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The Curious Conversion of Thomas Chalmers

John D. Clayton

Thomas Chalmers was arguably the most popular Scot and influential churchman of his age. However, when he was first educated, ordained, installed, and serving as a parish minister in the Church of Scotland, he was by his own admission not yet a converted Christian. How could a minister of the gospel not believe the gospel? How this happened is telling of his context, country, and church, but it is not a short story. From a confusion of church and state dating back to the Scottish Reformation to an increasing secularism in and through the Scottish Enlightenment, the Church of Scotland moved increasingly away from its Reformation roots and the necessity of the gospel in Christian conversion, as evidenced in the early life of Thomas Chalmers.

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Chapter Ten: Revival in the Kirk



Revival in the Kirk

The story of Thomas Chalmers in many ways mirrors the Kirk. Just as Robertson served as the prototype of the Moderate Party in the eighteenth-century Kirk, Chalmers was the prototype of the Evangelical Party in the nineteenth century. Just as the young Chalmers had forgotten that his ministerial duties were to be fulfilled in Kilmany, so the Moderate-led eighteenth-century General Assembly had forgotten that the church consists of its members. As the Moderates dominated the war at the assembly level, the popular party Evangelicals focused on winning battles at the parish level. Parish poor-relief, education, discipline, and preaching among other parish ministries became the Evangelical focus, consistently losing the annual political war but winning the hearts and minds of their parishioners.1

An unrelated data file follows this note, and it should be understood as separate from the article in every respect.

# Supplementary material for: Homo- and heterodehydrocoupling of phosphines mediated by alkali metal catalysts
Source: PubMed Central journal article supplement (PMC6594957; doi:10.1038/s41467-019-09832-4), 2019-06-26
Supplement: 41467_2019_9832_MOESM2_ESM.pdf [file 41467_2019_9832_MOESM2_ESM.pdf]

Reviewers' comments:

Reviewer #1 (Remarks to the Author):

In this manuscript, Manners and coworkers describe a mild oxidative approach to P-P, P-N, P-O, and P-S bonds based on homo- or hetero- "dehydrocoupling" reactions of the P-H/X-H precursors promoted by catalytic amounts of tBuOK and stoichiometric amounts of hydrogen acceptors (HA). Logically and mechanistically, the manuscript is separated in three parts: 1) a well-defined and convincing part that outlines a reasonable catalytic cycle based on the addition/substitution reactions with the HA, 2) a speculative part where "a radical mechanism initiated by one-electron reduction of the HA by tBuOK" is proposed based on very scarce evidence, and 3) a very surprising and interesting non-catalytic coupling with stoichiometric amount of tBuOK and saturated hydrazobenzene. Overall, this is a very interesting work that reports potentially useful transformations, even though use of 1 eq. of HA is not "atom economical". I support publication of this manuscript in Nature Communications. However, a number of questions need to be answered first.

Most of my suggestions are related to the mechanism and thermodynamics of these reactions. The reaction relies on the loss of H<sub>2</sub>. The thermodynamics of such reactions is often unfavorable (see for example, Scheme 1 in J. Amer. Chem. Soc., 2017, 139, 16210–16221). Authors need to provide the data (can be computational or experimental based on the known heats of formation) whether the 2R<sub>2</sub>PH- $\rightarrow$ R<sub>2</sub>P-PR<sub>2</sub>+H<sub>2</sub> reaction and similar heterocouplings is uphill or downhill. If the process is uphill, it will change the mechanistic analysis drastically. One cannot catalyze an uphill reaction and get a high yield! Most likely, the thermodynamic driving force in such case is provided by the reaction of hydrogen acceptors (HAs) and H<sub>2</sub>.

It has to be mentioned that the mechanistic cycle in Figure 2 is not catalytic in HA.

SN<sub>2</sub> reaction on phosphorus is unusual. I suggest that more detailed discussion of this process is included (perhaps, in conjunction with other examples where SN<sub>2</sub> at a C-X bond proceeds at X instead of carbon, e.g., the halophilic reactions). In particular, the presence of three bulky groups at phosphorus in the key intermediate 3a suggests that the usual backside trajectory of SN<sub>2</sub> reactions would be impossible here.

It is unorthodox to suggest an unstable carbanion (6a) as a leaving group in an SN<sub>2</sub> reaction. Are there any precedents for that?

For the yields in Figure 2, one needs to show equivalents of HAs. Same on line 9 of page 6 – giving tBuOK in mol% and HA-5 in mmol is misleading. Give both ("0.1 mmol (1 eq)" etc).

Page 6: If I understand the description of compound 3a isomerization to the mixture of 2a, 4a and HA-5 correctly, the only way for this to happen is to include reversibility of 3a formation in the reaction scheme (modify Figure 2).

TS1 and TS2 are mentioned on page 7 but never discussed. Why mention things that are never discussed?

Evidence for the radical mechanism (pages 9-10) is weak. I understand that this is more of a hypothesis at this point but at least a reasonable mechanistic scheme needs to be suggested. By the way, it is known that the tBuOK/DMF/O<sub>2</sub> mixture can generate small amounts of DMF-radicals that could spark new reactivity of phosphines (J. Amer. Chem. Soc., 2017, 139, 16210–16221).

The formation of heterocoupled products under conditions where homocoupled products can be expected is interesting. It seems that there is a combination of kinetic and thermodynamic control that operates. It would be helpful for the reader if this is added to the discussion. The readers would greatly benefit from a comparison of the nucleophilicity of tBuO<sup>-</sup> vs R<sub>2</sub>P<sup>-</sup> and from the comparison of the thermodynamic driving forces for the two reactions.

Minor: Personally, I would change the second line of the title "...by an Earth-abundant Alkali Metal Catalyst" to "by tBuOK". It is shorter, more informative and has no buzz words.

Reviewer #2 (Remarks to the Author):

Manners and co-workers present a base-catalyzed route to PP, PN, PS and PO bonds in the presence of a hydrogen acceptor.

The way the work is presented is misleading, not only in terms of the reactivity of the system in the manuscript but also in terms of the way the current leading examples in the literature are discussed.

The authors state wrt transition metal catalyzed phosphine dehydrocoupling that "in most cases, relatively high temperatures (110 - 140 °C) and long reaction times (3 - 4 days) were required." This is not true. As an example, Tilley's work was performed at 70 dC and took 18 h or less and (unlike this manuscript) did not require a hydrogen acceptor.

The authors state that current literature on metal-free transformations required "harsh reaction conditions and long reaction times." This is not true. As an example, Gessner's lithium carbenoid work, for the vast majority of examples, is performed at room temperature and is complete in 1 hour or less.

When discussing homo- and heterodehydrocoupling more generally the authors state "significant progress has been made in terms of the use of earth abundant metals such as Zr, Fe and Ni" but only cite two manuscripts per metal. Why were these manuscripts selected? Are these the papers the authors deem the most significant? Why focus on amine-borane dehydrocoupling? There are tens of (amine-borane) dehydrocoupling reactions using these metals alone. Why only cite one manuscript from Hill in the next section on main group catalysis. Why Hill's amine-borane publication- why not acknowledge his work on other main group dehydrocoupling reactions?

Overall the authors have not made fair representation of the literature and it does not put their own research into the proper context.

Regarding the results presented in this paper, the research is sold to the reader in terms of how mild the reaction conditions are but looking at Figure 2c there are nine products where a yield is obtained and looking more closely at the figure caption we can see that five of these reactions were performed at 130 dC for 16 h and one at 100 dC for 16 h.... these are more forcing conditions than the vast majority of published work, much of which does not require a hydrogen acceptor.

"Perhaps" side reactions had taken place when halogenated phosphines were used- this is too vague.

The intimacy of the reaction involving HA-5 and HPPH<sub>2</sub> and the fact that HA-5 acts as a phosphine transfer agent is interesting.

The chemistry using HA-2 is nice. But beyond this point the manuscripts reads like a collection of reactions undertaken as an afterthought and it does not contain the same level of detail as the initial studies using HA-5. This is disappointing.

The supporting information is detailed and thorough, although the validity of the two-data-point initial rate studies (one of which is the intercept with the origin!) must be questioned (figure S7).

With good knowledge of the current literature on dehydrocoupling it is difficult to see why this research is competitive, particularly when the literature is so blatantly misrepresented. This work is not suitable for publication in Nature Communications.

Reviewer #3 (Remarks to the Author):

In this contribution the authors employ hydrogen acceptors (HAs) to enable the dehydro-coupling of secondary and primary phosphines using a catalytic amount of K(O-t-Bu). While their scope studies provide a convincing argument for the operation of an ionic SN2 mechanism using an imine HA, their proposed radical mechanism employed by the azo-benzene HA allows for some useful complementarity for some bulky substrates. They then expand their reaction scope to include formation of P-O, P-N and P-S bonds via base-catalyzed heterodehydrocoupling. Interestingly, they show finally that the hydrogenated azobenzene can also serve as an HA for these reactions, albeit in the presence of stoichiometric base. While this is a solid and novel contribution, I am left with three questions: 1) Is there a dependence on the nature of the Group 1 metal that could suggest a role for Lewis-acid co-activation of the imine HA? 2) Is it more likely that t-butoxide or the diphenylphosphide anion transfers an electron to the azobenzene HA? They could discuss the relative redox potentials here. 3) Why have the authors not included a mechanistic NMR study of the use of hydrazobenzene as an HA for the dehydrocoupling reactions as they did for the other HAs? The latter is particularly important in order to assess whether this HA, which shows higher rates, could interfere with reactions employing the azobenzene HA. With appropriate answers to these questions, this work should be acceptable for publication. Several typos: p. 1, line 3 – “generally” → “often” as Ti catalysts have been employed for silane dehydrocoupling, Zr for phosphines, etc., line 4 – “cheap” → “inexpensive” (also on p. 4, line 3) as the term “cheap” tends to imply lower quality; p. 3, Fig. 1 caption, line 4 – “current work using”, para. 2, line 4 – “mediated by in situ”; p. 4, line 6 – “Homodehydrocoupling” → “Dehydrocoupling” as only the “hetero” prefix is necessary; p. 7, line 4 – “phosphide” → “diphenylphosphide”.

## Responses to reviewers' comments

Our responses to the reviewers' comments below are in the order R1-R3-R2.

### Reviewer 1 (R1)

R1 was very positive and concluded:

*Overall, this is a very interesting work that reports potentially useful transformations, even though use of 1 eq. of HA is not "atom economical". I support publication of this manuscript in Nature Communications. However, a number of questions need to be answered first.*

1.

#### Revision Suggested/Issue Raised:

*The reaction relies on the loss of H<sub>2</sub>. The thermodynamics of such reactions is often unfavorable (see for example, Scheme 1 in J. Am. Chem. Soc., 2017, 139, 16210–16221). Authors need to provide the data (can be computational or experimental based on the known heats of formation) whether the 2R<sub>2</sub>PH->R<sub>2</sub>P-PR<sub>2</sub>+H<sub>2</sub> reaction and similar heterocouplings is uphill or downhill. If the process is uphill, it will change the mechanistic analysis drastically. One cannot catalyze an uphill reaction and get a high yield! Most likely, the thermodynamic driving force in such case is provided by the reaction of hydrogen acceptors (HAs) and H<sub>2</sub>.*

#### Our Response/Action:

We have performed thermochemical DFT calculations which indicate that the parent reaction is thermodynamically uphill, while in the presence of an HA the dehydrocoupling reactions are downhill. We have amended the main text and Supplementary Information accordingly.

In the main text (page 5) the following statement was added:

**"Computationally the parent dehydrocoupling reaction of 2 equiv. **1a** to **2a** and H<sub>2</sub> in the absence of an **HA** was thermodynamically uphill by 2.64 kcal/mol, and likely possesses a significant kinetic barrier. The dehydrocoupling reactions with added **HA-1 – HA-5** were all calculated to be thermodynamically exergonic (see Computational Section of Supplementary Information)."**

Scotland had grown in population especially in the urban centers without corresponding new church planting and construction.2 To meet the demands of a growing Scottish population, especially in the urban centers, “chapels-of-ease,” or quoad sacra3 parish churches, were constructed, which solved the practical problem of overcrowding. They did not however meet the legal definition of a kirk and therefore had neither authority in their parish nor in the Kirk’s courts.4 Despite the accommodation of these new kirks, the growing country was outpacing the parish-based ministry of the Kirk.

Revival in the Parish: The St. John’s Experiment

Shortly after Thomas Chalmers’ conversion and while still serving in Kilmany, the ministerial position in the heavily...

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